GALLERY: The essence of Granada – A look back at the magic of the ancient city’s Corpus Christi festivals

Pictures and words by Michael Molyneux

ON a sun-baked Friday evening outside the Plaza de Toros bull-fighting ring in Granada, the murmur of local Granadinos grows louder as the sun sets.

Friends and families greet one another with familiar warmth, drinking tall glasses of Tinto de Verano and ice-cold Alhambra beer, waiting for the doors to open and the show to begin.

Amidst the city’s bustling streets and Moorish architecture, lies the epicentre of Andalucian tradition and controversy: a circular 20,000-seater red-brick amphitheatre where the Feria de Corpus Christi bullfights take place each year in June.

For generations, the Feria de Corpus Christi has been a cornerstone of Granada’s cultural calendar, a celebration that transcends mere entertainment, embodying the very essence of Spanish heritage. Here, beneath the tall cypress trees and gaudy festival banners, locals and tourists gather together to witness a tradition steeped in history, honour and, with temperatures approaching 40°, somewhat heated debate.

Granada Corpus Christie. Copyright Michael Molyneux

La corrida de toros (bullfighting) has long been both revered and reviled, its roots reflecting broader historical and social dynamics of the region, and the fabric of Spanish society in general. To some, it’s a noble art-form, a graceful dance of life and death between man and beast that epitomises courage and skill, passion and pageantry, elegance and zeal.

To others, it’s a cruel and outdated spectacle, a symbol of unnecessary violence and animal exploitation. And there was indeed a small demonstration against the bullfights but this year’s festival still offered a vibrant blend of religious tradition and the high-octane world of Spanish bullfighting.

But while a major part of the festivities, the bullfighting is not the only tradition.

Corpus Christi is a Christian festival celebrated on the Thursday after Trinity Sunday, 60 days after Easter Sunday.

Many communities showcase artisanal crafts and handmade goods during Corpus Christi celebrations.

Local artisans may sell their wares at markets or set up stalls along the procession route, offering traditional items such as pottery, textiles, organic foods, jewellery, and religious artifacts.

Alongside the religious processions, Corpus Christi festivities include street performances by musicians, dancers, and theatrical groups.

These performances range from classical music concerts to folk dance displays to re- enactments of biblical stories and local legends.

Food plays a central role in Corpus Christi celebrations, with traditional dishes shared among friends and family, not to mention the plenitude of local wines, spirits, and beers.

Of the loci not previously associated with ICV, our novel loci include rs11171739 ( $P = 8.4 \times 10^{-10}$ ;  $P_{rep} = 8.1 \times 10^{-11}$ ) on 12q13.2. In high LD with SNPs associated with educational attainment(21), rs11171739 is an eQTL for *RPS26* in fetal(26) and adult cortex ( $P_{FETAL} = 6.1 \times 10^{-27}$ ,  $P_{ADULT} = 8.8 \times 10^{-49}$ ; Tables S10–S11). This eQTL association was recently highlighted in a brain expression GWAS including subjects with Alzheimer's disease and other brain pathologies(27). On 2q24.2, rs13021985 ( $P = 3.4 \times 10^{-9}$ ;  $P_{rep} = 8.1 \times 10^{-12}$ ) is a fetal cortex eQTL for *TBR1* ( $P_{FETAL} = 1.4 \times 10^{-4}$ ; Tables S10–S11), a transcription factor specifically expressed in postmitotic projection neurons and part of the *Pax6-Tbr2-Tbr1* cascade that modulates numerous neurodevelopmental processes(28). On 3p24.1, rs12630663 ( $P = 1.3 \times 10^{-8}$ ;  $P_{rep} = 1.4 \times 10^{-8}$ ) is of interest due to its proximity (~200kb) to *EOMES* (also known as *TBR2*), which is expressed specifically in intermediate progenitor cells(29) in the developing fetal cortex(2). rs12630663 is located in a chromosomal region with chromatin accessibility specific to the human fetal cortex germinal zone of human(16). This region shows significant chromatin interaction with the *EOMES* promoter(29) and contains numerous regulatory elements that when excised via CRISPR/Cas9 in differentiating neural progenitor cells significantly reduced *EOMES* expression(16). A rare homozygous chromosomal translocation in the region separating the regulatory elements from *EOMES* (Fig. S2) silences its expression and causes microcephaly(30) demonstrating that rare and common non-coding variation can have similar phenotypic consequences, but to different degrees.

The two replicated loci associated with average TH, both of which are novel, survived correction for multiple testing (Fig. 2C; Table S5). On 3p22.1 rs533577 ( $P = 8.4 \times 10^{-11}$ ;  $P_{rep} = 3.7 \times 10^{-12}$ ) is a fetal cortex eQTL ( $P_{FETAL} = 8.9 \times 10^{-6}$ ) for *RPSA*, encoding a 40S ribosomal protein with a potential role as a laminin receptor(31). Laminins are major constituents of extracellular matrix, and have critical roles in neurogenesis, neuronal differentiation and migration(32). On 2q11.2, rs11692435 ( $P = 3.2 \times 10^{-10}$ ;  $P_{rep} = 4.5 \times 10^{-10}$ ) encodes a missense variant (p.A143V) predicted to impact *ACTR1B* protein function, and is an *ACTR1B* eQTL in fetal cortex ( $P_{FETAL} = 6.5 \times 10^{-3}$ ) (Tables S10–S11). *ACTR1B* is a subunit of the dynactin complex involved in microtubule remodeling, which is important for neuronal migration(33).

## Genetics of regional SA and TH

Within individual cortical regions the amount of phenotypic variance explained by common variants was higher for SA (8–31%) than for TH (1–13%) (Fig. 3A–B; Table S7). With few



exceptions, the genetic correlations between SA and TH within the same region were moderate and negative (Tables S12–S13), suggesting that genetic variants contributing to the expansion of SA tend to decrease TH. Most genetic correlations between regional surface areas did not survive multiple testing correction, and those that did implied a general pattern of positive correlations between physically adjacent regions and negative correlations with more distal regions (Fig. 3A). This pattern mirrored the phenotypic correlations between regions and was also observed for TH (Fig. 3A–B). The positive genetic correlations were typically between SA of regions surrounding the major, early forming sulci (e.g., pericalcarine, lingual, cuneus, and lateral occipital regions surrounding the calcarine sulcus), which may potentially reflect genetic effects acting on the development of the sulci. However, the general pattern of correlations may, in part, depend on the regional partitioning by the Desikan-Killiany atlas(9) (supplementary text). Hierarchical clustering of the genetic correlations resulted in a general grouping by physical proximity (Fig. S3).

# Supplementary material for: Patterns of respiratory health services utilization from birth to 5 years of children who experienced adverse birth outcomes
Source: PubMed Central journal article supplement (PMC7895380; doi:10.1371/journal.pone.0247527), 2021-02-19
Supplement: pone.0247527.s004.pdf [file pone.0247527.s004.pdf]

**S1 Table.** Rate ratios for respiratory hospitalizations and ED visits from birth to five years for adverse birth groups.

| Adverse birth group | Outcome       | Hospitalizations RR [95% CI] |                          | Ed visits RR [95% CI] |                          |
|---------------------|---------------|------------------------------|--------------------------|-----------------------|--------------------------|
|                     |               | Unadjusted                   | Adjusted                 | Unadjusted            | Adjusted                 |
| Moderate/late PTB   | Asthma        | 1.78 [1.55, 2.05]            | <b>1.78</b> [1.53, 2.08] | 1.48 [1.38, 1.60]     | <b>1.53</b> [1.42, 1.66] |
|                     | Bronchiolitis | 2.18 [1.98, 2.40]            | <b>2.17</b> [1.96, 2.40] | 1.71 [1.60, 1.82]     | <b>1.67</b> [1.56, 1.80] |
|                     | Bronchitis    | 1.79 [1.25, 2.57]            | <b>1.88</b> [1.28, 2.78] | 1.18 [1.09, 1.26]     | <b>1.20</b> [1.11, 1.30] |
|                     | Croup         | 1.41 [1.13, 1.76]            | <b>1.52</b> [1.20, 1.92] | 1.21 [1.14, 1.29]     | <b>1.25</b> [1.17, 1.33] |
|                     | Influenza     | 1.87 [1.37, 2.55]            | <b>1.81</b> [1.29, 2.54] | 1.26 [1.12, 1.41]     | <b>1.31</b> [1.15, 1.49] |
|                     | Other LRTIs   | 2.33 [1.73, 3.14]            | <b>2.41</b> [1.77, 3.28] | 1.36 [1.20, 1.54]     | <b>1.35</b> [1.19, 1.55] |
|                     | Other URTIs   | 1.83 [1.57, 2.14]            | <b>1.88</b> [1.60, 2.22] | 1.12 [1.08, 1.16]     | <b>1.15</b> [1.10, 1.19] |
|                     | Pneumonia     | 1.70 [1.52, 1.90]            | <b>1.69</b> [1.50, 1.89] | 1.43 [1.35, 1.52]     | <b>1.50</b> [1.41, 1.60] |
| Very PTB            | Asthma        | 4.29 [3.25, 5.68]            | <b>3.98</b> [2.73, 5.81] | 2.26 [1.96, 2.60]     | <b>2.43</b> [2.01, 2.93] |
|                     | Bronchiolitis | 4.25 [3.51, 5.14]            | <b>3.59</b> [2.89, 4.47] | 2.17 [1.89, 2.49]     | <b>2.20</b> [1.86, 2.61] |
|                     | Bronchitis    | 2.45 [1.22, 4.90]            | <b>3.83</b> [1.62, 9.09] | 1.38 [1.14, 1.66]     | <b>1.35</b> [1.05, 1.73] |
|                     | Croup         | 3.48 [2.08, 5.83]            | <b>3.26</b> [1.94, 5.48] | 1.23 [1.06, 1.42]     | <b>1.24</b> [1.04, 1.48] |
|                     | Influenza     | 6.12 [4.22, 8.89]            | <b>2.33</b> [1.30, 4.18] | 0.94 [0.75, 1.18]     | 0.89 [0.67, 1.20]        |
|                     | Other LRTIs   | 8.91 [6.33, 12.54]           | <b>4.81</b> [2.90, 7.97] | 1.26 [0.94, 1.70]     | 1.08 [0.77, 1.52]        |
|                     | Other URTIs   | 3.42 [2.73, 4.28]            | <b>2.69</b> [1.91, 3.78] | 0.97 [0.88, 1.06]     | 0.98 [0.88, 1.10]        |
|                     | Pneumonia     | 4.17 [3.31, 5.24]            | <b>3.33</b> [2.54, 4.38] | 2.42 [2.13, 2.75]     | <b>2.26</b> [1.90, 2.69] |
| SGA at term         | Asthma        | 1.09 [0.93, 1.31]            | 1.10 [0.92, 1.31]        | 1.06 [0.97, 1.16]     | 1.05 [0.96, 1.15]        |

The day usually begins with a special Mass dedicated to the Eucharist, emphasising the importance of the body and blood of Christ.

Following the Mass, there are processions through the streets, where the consecrated host is carried in a monstrance, accompanied by clergy, religious groups, and local dignitaries and community members.

Parishioners dressed in their finest attire follow alongside priests, choirs singing hymns, and children carrying flowers.

Shopkeepers along the route often adorn their storefronts with tapestries and flower arrangements as a sign of respect as the monstrance passes.

The air is filled with the scent of incense and the gentle murmur of prayers, creating a truly unique and spiritual atmosphere.

A delightful counterpoint to the solemnity of the procession is the appearance of the Tarasca, a mythical beast depicted as a large dragon puppet.

Accompanied by lively music and energetic dancers, the Tarasca weaves through the crowds, snapping its jaws and swishing its tail.

This playful tradition adds a touch of whimsy to the festivities, particularly for children who are enthralled by the sight of the fantastical creature.

The Tarasca’s origins are believed to be rooted in pre-Christian mythology, representing the triumph of good over evil, which has been cleverly incorporated into the Corpus Christi celebrations.

Whether you’re a fan of bullfighting or simply seeking a taste of Spanish culture, the Corpus Christi festival offers a unique experience.

It’s a chance to witness age-old traditions, experience Granada’s vibrant energy, and discover the magic that this captivating city holds.

Michael Molyneux is a freelance photojournalist from the UK, based in Granada. You can follow his work, on Instagram @Molyneux_Photography

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